Abdoulaye DIAKITE, also known as Mike Forbes, Petitioner, v. IMMIGRATION AND NATURALIZATION SERVICE, Respondent.
Abdoulaye Diakite, a citizen of Liberia who failed to leave the United States when his visa expired, has been ordered deported for that reason plus his convictions for theft, forgery, and robbery. The Board of Immigration Appeals concluded that these are “serious” crimes that disentitle Diakite to consideration of his application for withholding of deportation. Now the INS asks us to dismiss his petition for review, on the ground that the crimes activate § 106(a)(10) of the Immigration and Nationality Act, 8 U.S.C. § 1105a(a)(10):
Any final order of deportation against an alien who is deportable by reason of having committed a criminal offense covered in section 241(a)(2)(A)(iii), (B), (C), or (D), or any offense covered by section 241(a)(2)(A)(ii) for which both predicate offenses are, without regard to the date of their commission, otherwise covered by section 241(a)(2)(A)(i), shall not be subject to review by any court.
Diakite concedes that he is an alien and that he committed crimes “covered in section 241(a)(2)(A)(iii), (B), (C), or (D)” so that § 106(a)(10) applies. (Technically, he concedes application of the equivalent transition rule in § 309(c)(4)(G) of the Illegal Immigrant Reform and Immigrant Responsibility Act of 1996, but this detail does not matter, and we refer to § 106(a)(10) for simplicity.) Nonetheless, he contends, he is not “deportable” and therefore may obtain judicial review of his contention that he would be subject to torture if returned to Liberia. Yang v. INS, 109 F.3d 1185, 1196 (7th Cir.1997), holds that before dismissing a petition under § 106(a)(10) “the court may (indeed, must) determine for itself whether the petitioner is (i) an alien (ii) deportable (iii) by reason of a criminal offense listed in the statute.” According to Diakite, he is not “deportable” because Article 3 of the Convention Against Torture and Other Cruel, Inhuman or Degrading Treatment or Punishment, 23 I.L.M. 1027 (1984), as modified, 24 I.L.M. 535 (1985), precludes his return to Liberia.
Well after the President signed the Convention (1988), the Senate gave its consent (1990), and the United States filed the instrument of ratification (1994), Congress adopted implementing legislation. Section 2242 of the Foreign Affairs Reform and Restructuring Act of 1998, Pub.L. 105-277, 112 Stat. 2681 (Oct. 21, 1998). Regulations under § 2242 entitle Diakite to administrative review of his claim based on the Convention. 8 C.F.R. § 208.18(b), adopted by 64 Fed.Reg. 8478 (Feb. 19, 1999). But the Convention does not define who is “deportable” for the purpose of § 106(a)(10). Our jurisdiction to determine jurisdiction extends no further than inquiring whether the criteria of the jurisdictional statute have been met-and neither the Convention nor § 2242 is a grant of jurisdiction. Under § 106(a)(10), an “alien who is deportable by reason of having committed a criminal offense covered in section 241(a)(2)(A)(iii), (B), (C), or (D)” (emphasis added) cannot obtain judicial review of the final order of deportation (or removal). Diakite wants us to divorce the word “deportable” from the words “by reason of” a crime. Yet, as we emphasized in Yang, § 106(a)(10) means that an alien who has committed a serious criminal offense forfeits his entitlement to judicial review of contentions that for some other statutory reason he is entitled to remain.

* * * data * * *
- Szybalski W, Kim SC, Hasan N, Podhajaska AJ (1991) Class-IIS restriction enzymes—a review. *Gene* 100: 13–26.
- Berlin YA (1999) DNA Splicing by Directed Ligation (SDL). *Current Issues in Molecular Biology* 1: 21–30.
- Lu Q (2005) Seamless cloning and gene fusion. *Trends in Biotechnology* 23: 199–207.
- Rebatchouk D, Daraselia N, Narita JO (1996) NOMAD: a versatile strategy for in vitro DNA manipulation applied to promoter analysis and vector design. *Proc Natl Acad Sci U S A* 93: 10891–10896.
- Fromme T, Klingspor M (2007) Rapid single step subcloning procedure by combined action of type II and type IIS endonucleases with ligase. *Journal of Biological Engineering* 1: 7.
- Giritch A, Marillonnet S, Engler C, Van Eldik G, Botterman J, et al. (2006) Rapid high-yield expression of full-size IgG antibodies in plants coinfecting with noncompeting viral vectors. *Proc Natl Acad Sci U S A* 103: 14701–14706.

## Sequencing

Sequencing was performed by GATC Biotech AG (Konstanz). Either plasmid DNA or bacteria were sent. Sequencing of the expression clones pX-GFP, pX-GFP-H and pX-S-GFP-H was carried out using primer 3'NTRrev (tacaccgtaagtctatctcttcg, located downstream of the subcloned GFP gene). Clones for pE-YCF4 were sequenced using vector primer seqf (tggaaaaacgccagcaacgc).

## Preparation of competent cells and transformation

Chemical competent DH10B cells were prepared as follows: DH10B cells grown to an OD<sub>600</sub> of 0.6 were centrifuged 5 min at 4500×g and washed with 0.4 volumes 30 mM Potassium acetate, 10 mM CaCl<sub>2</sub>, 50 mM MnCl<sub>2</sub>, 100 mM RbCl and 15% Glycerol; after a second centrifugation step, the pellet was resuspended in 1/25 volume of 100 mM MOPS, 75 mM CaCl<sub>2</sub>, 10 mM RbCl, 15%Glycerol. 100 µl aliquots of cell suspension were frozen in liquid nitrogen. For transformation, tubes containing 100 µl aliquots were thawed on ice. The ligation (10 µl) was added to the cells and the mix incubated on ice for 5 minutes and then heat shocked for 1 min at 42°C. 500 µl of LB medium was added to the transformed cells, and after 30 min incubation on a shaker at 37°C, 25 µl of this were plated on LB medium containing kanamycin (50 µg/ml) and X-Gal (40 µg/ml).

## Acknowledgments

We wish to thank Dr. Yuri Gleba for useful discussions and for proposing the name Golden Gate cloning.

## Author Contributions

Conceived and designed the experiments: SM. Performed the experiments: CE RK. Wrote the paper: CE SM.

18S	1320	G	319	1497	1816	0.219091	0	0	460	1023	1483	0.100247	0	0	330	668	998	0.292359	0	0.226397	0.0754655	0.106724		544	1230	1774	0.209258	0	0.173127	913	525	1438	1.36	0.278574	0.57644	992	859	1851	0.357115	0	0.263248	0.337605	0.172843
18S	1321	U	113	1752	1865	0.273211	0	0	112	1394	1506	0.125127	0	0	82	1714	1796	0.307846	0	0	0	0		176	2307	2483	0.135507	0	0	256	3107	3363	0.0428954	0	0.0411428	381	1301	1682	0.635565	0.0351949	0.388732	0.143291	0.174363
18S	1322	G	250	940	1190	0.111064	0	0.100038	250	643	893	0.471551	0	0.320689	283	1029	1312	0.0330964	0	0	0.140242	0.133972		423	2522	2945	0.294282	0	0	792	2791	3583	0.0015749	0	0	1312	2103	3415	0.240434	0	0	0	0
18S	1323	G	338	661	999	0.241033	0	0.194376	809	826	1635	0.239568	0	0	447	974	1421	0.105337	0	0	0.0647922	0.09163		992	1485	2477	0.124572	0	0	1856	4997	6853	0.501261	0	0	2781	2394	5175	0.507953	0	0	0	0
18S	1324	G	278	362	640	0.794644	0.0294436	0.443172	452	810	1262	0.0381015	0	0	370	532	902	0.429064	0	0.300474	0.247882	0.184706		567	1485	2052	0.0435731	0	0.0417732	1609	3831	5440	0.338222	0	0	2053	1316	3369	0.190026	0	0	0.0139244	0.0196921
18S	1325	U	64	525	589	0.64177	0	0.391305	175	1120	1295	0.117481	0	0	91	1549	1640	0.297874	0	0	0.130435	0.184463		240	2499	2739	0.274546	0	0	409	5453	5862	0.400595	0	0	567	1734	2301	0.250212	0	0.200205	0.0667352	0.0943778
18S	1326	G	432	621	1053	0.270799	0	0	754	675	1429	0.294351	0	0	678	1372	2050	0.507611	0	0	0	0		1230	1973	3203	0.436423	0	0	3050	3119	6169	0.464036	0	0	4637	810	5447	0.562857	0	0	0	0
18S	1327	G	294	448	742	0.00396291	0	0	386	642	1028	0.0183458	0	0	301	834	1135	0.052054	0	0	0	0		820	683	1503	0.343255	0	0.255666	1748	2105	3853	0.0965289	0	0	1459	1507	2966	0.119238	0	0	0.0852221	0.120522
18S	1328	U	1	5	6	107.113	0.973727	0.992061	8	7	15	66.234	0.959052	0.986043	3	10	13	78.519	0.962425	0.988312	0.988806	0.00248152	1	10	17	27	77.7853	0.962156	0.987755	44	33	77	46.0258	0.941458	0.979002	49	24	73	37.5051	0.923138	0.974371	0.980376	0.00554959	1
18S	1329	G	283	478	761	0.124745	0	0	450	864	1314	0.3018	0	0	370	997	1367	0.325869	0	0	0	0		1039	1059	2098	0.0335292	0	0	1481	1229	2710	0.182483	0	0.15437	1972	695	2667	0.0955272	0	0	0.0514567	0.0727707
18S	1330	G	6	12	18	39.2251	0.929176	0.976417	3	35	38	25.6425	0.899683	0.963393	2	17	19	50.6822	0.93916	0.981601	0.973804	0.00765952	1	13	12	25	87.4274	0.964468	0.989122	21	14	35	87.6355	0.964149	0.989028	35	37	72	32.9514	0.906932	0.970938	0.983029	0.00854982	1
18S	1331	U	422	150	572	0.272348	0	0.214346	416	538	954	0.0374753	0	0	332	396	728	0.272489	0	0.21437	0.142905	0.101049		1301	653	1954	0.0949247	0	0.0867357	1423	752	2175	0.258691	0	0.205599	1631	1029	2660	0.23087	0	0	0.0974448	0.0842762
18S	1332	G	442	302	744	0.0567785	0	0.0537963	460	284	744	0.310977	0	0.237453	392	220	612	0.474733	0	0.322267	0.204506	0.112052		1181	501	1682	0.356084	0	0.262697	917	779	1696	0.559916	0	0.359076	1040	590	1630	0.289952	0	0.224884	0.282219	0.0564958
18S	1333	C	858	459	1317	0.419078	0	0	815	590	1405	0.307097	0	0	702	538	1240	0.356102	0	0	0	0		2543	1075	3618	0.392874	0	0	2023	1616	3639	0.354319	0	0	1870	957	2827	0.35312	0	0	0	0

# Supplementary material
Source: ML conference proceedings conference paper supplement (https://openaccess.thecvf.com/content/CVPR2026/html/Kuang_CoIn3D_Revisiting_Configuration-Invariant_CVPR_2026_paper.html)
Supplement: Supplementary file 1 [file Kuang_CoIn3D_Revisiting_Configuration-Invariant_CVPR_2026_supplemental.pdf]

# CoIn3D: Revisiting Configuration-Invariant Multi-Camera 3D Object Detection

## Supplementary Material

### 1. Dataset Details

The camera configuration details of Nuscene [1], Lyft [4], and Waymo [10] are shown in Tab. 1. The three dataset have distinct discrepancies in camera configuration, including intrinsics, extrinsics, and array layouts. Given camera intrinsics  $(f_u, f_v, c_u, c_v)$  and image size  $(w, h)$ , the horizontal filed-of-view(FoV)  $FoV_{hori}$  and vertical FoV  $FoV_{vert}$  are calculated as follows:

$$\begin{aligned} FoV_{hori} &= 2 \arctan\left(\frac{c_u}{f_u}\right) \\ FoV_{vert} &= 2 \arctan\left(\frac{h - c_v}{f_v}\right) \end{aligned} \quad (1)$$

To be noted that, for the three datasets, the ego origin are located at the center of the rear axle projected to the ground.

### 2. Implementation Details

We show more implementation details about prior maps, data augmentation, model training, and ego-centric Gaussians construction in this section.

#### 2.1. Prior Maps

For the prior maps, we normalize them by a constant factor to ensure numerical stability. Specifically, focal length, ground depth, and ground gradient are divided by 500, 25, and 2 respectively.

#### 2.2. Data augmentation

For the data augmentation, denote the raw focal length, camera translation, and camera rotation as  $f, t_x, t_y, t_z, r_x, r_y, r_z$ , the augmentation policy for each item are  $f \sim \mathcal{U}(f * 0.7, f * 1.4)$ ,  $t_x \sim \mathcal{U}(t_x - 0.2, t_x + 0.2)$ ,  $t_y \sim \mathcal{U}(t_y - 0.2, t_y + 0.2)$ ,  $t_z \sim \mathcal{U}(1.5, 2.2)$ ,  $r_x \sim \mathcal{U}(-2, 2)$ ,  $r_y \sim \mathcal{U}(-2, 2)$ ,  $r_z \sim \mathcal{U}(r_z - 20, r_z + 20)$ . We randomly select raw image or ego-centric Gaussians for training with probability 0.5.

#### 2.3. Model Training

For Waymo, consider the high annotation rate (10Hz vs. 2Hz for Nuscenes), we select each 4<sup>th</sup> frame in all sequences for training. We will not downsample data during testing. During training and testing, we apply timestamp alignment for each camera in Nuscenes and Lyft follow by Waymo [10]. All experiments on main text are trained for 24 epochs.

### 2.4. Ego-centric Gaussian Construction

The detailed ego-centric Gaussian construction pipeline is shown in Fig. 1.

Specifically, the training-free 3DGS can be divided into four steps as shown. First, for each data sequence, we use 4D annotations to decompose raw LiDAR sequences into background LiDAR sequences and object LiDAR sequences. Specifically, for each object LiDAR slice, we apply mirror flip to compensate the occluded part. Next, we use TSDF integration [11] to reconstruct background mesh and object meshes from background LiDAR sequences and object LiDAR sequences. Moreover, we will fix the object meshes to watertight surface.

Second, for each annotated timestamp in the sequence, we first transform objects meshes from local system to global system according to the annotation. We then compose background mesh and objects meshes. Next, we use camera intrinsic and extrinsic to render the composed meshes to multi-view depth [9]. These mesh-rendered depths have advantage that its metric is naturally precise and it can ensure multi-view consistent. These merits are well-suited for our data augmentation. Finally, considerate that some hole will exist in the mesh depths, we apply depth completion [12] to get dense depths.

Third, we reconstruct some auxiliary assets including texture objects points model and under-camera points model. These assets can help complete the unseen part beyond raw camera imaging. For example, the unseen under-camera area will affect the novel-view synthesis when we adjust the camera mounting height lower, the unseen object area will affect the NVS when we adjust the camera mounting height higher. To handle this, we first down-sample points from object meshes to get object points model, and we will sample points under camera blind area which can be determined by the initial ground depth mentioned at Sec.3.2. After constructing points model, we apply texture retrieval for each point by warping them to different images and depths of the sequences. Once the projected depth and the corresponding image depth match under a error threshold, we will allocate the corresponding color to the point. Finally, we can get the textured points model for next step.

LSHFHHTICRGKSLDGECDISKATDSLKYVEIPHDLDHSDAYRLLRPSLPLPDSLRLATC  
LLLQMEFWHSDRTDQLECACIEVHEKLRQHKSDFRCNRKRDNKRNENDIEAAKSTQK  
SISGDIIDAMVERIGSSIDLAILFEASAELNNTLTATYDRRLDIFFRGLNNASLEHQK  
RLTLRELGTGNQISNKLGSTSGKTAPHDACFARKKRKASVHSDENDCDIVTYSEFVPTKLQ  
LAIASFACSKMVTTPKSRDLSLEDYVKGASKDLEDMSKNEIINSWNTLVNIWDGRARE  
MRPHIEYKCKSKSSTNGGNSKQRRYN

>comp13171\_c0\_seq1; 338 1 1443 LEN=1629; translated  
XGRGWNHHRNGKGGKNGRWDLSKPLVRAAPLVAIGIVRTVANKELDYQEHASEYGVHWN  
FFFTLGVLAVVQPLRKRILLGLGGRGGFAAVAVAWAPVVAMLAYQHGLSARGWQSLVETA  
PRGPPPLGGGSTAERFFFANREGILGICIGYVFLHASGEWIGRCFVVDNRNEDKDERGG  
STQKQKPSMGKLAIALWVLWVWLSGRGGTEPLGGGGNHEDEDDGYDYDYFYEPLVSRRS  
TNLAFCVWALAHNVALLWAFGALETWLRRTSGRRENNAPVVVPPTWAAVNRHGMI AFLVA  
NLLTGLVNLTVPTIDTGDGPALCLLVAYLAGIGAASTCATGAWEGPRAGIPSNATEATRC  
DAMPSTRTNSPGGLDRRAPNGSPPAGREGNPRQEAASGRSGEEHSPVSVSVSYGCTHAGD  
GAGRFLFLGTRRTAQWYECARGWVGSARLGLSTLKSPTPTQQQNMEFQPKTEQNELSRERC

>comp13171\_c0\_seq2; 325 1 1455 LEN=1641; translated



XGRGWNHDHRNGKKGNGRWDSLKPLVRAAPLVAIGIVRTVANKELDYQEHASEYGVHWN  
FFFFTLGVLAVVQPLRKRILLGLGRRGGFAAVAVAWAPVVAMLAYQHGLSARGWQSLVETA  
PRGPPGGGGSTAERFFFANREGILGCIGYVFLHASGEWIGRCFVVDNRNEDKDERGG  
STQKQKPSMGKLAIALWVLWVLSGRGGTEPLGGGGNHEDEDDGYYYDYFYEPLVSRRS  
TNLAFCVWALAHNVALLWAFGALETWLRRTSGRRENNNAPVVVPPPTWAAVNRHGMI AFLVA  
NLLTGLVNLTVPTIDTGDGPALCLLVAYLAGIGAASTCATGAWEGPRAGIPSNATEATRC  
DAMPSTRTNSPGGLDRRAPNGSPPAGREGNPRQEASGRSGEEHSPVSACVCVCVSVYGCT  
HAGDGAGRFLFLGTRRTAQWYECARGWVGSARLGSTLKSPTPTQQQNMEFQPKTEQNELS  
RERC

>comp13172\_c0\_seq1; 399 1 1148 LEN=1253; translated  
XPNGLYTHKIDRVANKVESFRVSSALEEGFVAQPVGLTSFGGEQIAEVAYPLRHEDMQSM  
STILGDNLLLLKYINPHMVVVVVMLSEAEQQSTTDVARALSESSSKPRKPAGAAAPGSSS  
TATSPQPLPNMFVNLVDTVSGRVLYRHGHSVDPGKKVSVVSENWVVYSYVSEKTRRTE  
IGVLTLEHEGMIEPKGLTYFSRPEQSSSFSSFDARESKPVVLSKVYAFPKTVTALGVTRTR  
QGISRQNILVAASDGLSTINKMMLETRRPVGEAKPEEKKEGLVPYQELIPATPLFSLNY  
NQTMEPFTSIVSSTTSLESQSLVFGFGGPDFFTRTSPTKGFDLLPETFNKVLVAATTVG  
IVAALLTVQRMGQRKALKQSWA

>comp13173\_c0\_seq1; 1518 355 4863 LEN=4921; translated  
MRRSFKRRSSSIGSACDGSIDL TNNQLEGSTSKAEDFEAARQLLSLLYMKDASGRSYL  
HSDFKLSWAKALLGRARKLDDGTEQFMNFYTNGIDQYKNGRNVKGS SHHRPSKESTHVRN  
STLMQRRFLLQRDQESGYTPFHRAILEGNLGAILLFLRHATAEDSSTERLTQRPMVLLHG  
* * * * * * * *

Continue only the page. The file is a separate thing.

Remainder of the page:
Aliens retain a right to full administrative consideration of arguments based on other statutes and regulations, but with respect to these the BIA's decision is conclusive. Arguments based on the Convention are among those that now are finally resolved by the administrative process, just like the claims for asylum and withholding of deportation in Yang. Removing the word “deportable” from its context, and disregarding the phrase “by reason of”, would afford criminal aliens judicial review of all arguments in opposition to removal, effectively nullifying the statute. The “by reason of” qualifier shows that this is not the sense in which § 106(a)(10) uses the word “deportable.” Every alien who seeks judicial review of an order of deportation contends that he is not “deportable” in the sense that Diakite gives to that word-that he should be permitted to remain in the United States. All of the aliens in Yang itself made such an argument; we nonetheless dismissed three of the four petitions for review.
We held open in Yang, and again in LaGuerre v. Reno, 164 F.3d 1035 (7th Cir.1998), the possibility that constitutional objections to deportation survive § 106(a)(10) because they show that the alien is not being deported “by reason of” his crimes, but for another and forbidden reason, such as religion or politics. But Diakite does not contend that the true reason for his deportation differs from the ostensible ones-the expiration of his visa plus his criminal convictions-so this reservation does not avail him. Some criminal aliens' contentions are reviewable in the district courts because of limitations on the review-preclusion language in other statutes. See Reno v. American-Arab Anti-Discrimination Committee, --- U.S. ----, 119 S.Ct. 936, 142 L.Ed.2d 940 (1999); Parra v. Perryman, 172 F.3d 954 (7th Cir.1999). Again, however, this possibility does Diakite no good; § 106(a)(10) speaks directly to his petition for review in this court.
The INS represents that Diakite is entitled to an administrative decision under the Convention even though his order of deportation was entered before the Convention was implemented in the United States. Diakite must seek his remedy in the administrative forum. On the command of § 106(a)(10), his petition for review is dismissed for want of jurisdiction.